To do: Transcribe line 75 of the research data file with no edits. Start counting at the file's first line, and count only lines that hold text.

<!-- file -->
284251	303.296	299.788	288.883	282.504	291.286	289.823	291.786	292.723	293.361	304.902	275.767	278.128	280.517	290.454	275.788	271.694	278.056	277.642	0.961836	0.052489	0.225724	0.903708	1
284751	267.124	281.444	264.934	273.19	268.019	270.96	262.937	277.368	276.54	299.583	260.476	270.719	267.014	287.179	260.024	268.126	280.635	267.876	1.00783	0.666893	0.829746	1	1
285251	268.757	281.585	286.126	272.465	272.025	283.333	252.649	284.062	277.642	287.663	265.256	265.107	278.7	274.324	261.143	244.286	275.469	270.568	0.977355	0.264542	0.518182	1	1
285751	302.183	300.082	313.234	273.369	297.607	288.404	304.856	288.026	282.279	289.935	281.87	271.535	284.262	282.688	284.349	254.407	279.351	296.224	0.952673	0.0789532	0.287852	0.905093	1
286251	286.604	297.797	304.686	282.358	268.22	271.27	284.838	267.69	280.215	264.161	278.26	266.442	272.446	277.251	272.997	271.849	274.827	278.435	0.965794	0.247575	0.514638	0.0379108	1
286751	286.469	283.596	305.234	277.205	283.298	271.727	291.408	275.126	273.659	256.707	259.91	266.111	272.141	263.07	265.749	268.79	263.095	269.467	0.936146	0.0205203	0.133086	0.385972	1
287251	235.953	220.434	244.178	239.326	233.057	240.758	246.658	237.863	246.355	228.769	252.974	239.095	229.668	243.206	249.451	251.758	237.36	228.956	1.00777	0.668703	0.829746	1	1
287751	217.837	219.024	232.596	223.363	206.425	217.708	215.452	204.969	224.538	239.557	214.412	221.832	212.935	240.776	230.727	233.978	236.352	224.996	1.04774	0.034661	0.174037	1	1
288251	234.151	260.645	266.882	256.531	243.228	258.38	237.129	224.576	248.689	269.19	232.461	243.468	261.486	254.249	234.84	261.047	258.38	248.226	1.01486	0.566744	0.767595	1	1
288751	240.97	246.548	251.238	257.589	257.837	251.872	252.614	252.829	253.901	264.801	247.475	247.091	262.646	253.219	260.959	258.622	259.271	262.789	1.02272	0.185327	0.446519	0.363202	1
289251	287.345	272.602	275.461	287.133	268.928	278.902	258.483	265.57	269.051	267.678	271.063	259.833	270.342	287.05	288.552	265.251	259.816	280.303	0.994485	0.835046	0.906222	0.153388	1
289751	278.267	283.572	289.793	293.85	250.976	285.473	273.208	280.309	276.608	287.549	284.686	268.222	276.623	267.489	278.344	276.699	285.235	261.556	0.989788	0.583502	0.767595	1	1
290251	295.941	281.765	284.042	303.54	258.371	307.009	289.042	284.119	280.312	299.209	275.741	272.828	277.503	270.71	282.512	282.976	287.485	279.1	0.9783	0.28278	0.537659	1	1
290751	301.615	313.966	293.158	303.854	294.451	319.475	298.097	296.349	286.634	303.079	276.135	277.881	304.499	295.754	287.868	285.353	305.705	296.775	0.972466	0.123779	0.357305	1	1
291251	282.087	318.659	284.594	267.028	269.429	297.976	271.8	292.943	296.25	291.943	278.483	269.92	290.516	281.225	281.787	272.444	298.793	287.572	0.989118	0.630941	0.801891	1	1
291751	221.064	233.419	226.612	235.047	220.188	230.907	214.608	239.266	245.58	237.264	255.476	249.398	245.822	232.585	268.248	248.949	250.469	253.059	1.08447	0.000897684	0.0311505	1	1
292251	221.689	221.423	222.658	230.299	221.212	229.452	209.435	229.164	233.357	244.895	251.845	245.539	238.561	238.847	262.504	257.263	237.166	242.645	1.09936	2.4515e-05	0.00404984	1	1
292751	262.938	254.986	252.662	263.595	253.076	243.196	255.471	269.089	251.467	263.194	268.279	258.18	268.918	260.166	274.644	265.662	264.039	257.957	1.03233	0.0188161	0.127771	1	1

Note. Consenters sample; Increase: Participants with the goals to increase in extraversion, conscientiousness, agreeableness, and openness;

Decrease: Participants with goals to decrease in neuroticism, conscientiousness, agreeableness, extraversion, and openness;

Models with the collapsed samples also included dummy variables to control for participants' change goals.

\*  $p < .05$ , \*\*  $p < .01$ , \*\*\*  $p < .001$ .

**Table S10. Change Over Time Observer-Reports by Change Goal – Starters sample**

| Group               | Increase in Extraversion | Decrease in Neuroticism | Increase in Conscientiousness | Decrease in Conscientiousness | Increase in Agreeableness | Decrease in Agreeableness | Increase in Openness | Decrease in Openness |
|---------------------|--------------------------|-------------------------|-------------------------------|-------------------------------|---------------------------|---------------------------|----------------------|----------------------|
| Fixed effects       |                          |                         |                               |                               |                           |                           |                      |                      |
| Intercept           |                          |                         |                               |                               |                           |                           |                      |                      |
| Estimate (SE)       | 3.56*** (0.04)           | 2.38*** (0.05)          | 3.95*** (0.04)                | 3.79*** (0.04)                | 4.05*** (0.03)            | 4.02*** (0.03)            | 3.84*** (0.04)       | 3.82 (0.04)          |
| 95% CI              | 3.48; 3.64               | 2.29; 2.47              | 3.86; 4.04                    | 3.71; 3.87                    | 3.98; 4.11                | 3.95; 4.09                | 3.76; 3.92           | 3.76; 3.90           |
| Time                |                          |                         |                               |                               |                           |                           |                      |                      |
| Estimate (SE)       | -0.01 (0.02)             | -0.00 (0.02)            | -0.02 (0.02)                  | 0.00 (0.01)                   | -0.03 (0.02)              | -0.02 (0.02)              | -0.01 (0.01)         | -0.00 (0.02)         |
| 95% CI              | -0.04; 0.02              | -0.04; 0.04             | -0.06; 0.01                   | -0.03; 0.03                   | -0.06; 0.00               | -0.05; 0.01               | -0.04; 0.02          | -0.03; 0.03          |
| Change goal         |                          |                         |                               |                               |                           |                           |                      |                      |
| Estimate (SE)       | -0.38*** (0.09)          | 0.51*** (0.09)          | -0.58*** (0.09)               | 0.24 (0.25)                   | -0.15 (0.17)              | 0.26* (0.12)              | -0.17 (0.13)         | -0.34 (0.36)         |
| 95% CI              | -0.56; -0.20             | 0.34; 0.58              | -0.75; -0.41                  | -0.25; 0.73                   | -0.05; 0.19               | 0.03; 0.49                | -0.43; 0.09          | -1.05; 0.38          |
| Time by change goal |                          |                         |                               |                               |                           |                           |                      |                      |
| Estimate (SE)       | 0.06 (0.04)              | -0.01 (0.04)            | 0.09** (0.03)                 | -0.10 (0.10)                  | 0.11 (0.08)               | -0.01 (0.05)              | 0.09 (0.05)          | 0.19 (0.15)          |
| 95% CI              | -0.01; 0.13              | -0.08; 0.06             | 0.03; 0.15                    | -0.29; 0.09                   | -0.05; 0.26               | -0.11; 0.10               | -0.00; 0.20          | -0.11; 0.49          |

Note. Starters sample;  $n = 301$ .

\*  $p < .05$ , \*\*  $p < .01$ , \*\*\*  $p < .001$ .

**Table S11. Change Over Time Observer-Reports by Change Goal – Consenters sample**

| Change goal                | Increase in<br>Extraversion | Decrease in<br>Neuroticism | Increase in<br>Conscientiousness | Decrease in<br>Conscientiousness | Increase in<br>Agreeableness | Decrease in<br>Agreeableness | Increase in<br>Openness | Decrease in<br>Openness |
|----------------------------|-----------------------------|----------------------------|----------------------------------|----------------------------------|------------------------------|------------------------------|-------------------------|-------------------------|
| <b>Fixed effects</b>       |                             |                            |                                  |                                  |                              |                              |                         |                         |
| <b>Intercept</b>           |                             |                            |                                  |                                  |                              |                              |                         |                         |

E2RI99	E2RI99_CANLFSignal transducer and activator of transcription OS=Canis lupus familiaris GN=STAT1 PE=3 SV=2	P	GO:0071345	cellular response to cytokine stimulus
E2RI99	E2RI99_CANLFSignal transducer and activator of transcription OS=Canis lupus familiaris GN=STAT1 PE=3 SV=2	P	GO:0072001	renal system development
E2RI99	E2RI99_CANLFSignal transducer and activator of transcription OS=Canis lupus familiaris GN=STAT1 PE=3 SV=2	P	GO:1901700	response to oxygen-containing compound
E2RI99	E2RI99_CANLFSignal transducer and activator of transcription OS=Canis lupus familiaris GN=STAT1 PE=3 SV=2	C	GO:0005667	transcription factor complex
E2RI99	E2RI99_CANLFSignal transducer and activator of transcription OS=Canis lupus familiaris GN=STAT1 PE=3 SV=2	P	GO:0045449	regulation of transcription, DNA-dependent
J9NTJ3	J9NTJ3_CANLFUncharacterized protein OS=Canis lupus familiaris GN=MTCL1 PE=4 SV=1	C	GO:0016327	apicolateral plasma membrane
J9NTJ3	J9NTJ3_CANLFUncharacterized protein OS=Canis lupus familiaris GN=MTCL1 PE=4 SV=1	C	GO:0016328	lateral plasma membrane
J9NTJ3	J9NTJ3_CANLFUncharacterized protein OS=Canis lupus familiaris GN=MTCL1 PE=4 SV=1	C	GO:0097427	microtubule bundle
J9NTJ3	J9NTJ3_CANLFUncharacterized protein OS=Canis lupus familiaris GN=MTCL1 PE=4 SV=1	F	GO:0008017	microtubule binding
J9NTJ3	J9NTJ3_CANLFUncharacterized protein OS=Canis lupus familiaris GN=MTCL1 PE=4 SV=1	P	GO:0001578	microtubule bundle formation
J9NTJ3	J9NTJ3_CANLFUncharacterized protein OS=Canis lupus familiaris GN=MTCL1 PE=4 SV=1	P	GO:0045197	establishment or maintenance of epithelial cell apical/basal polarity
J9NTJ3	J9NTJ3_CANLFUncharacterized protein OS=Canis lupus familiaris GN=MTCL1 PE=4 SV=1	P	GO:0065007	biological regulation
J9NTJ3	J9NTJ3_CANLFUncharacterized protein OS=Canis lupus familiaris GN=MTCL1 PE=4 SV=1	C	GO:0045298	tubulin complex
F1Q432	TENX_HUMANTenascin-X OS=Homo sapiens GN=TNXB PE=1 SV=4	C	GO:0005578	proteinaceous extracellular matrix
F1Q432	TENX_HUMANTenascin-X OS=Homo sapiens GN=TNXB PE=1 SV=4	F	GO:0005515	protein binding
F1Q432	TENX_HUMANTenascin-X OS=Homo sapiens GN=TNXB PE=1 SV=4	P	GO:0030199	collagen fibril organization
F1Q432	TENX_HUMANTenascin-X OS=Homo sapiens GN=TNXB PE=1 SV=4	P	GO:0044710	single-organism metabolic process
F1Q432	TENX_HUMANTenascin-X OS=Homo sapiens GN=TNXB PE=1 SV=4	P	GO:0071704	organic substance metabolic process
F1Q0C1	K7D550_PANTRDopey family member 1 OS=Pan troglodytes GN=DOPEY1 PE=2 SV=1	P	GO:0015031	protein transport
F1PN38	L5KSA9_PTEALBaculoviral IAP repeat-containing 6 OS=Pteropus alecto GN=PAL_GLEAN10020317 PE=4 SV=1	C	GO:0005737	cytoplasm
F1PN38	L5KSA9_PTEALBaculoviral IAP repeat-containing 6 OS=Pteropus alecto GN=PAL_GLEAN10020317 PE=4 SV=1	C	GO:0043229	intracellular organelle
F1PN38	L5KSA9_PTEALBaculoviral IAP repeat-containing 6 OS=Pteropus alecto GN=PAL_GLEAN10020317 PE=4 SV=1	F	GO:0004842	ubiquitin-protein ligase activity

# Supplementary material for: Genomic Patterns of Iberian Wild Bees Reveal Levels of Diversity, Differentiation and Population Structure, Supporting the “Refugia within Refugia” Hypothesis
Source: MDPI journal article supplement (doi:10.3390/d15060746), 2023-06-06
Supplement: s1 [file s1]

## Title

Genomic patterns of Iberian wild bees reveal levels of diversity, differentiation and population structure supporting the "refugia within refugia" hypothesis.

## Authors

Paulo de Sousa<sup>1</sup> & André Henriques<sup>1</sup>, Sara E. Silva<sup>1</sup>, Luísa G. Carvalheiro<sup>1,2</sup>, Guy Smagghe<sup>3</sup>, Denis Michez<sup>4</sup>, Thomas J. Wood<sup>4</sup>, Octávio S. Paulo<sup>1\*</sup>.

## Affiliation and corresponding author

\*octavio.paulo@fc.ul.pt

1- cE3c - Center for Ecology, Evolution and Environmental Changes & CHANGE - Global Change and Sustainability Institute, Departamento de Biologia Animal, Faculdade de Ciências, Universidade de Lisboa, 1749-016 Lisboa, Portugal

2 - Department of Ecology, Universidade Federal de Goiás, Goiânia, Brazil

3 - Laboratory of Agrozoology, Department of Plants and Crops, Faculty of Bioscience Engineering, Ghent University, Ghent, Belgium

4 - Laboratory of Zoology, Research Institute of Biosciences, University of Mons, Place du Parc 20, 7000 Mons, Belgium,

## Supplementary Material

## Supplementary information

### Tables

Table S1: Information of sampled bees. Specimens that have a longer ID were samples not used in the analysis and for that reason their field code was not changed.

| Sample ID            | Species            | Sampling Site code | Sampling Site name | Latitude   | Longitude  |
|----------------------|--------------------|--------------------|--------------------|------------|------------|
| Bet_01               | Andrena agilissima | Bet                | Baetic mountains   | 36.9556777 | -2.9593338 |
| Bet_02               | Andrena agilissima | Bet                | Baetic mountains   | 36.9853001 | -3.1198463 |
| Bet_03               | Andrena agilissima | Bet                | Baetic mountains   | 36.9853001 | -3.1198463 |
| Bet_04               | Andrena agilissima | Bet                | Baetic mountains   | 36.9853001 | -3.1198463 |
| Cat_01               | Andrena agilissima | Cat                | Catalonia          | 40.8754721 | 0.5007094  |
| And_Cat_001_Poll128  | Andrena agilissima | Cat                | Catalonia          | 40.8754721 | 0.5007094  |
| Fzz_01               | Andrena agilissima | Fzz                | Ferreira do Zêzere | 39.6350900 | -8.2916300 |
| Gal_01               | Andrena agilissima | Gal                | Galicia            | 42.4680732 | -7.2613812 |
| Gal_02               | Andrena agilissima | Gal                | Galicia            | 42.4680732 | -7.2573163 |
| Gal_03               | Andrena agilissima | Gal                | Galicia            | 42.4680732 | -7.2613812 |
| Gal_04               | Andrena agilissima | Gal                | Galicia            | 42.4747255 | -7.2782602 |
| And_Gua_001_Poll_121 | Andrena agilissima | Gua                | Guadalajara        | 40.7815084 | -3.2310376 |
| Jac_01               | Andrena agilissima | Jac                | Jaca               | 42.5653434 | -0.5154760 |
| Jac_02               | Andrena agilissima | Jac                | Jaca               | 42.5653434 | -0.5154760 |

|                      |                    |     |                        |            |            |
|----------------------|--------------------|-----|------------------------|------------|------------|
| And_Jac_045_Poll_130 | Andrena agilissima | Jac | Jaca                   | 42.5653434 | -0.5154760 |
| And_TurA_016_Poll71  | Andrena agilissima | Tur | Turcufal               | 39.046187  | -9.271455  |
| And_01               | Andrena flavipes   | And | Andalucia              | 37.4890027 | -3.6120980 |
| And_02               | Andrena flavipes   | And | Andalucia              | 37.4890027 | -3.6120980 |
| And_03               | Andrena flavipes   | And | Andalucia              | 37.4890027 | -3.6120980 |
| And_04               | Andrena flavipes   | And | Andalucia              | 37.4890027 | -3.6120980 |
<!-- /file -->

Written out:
## Affiliation and corresponding author